For three decades following the expedition with Meriwether Lewis for which he is best known, William Clark forged a meritorious public career that contributed even more to the opening of the West: from 1807 to 1838 he served as the U.S. government's most important representative to western Indians. This biography focuses on Clark's tenure as Indian agent, territorial governor, and Superintendent of Indian Affairs at St. Louis.
Jay H. Buckley shows that Clark had immense influence on federal Indian policy and on Indian-white relations in the trans-Mississippi region. As an agent of American expansion, Clark actively promoted trade and friendship over military conflict. He was responsible for one-tenth of all Indian treaties ratified by the U.S. Senate. Although he sympathized with the Indians' fate and felt compassion for Native peoples, Clark was ultimately responsible for dispossessing more Indians than perhaps any other American.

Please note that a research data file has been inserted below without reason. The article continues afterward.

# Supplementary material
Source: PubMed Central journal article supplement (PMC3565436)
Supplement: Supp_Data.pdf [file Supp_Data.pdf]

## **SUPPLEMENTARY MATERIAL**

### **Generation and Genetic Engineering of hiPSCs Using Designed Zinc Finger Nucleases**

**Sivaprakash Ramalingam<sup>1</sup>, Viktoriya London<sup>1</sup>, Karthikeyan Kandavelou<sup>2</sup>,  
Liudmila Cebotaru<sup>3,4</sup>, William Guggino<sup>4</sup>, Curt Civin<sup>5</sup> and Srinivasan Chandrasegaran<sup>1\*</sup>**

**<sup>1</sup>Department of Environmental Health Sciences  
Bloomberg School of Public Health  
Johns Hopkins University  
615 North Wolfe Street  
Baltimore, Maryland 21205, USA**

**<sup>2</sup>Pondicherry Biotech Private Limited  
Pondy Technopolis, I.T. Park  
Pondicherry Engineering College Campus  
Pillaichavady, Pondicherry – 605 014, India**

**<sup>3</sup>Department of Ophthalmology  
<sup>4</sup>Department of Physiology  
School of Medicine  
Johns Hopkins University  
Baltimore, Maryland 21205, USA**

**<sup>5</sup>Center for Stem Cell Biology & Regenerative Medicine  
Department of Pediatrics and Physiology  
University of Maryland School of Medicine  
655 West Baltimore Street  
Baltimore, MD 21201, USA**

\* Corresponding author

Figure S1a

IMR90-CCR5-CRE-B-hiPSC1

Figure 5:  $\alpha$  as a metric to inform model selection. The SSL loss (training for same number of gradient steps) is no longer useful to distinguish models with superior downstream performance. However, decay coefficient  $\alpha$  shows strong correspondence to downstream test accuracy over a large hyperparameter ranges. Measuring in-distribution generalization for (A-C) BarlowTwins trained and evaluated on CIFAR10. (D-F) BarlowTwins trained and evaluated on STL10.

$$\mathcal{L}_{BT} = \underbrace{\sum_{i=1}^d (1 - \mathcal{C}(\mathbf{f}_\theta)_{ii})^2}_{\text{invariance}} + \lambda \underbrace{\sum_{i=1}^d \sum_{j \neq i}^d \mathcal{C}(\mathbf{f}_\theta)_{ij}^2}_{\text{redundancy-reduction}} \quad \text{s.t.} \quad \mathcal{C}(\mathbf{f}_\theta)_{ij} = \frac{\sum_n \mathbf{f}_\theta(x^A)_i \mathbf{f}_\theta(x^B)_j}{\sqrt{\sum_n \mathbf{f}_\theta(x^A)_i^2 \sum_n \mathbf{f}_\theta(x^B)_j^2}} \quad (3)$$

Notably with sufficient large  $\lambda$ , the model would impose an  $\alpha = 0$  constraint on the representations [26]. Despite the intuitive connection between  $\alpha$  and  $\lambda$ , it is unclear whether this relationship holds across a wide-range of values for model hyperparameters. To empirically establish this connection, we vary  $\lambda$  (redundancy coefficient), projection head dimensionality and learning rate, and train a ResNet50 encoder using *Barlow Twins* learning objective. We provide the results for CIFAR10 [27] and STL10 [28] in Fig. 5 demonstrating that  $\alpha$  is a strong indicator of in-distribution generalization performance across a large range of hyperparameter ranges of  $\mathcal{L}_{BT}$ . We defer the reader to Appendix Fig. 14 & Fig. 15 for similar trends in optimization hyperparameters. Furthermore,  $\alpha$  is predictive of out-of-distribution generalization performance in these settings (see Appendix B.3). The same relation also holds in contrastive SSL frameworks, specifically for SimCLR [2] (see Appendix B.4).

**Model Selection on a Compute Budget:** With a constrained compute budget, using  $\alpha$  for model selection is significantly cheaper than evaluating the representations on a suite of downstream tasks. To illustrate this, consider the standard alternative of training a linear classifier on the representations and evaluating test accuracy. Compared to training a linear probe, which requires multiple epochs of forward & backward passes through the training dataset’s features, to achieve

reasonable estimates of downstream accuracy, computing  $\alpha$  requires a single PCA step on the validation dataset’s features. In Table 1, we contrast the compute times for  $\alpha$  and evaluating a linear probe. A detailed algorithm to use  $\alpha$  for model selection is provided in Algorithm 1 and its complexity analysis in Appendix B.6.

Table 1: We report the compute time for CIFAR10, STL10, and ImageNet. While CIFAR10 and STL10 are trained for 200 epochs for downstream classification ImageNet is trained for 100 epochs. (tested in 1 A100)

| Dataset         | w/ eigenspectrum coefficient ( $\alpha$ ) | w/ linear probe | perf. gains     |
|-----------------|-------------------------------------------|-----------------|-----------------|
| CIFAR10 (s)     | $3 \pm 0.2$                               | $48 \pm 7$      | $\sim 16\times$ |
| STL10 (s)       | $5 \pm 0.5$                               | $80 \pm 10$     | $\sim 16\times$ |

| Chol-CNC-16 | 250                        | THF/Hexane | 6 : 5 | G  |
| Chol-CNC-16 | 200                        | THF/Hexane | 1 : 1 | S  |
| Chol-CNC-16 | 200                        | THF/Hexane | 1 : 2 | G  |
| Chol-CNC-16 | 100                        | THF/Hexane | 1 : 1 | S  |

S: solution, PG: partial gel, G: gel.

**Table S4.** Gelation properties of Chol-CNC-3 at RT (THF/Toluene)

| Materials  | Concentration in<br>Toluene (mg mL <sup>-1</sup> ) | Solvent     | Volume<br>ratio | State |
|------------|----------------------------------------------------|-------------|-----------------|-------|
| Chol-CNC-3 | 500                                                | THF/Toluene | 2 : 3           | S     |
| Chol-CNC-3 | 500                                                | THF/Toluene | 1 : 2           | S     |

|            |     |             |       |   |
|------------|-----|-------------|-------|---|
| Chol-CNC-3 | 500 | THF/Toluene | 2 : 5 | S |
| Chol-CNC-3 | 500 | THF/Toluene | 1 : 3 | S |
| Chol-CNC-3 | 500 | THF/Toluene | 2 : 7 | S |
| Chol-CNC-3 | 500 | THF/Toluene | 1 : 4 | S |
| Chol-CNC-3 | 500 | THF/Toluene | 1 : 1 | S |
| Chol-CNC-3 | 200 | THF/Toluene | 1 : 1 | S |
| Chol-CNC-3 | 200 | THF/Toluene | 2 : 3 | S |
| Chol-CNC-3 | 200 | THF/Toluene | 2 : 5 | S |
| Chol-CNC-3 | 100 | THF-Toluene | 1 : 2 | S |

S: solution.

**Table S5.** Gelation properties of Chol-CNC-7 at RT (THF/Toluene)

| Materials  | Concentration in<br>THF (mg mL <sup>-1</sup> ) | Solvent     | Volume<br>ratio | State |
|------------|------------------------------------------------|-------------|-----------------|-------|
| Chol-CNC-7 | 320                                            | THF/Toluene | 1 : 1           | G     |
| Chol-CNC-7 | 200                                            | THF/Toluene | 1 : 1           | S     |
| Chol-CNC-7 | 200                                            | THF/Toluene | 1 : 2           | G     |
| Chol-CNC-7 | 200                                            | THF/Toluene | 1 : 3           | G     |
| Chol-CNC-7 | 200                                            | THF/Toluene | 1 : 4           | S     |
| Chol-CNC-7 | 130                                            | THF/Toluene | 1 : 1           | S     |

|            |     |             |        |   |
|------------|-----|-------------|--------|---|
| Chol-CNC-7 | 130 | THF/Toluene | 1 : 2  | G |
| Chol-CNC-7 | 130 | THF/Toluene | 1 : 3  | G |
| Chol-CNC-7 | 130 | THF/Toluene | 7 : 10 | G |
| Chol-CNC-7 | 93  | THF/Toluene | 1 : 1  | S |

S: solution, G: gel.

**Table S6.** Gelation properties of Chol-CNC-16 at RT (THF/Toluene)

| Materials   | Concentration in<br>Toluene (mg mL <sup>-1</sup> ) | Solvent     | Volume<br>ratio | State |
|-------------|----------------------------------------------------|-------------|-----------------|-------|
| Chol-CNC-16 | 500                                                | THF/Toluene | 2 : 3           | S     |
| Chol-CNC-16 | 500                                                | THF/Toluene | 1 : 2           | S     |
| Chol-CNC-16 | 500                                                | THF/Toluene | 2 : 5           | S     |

Drawing on treaty documents and Clark's voluminous papers, Buckley analyzes apparent contradictions in Clark's relationship with Indians, fellow bureaucrats, and frontier entrepreneurs. William Clark: Indian Diplomat is the complex story of a sometimes sentimental, yet always pragmatic, imperialist. Buckley gives us a flawed but human hero who, in the realm of Indian affairs, had few equals among American diplomats.
|Publisher:||University of Oklahoma Press|
|Product dimensions:||6.00(w) x 8.90(h) x 0.90(d)|
About the Author
Jay H. Buckley is Associate Professor of History at Brigham Young University, Provo, Utah.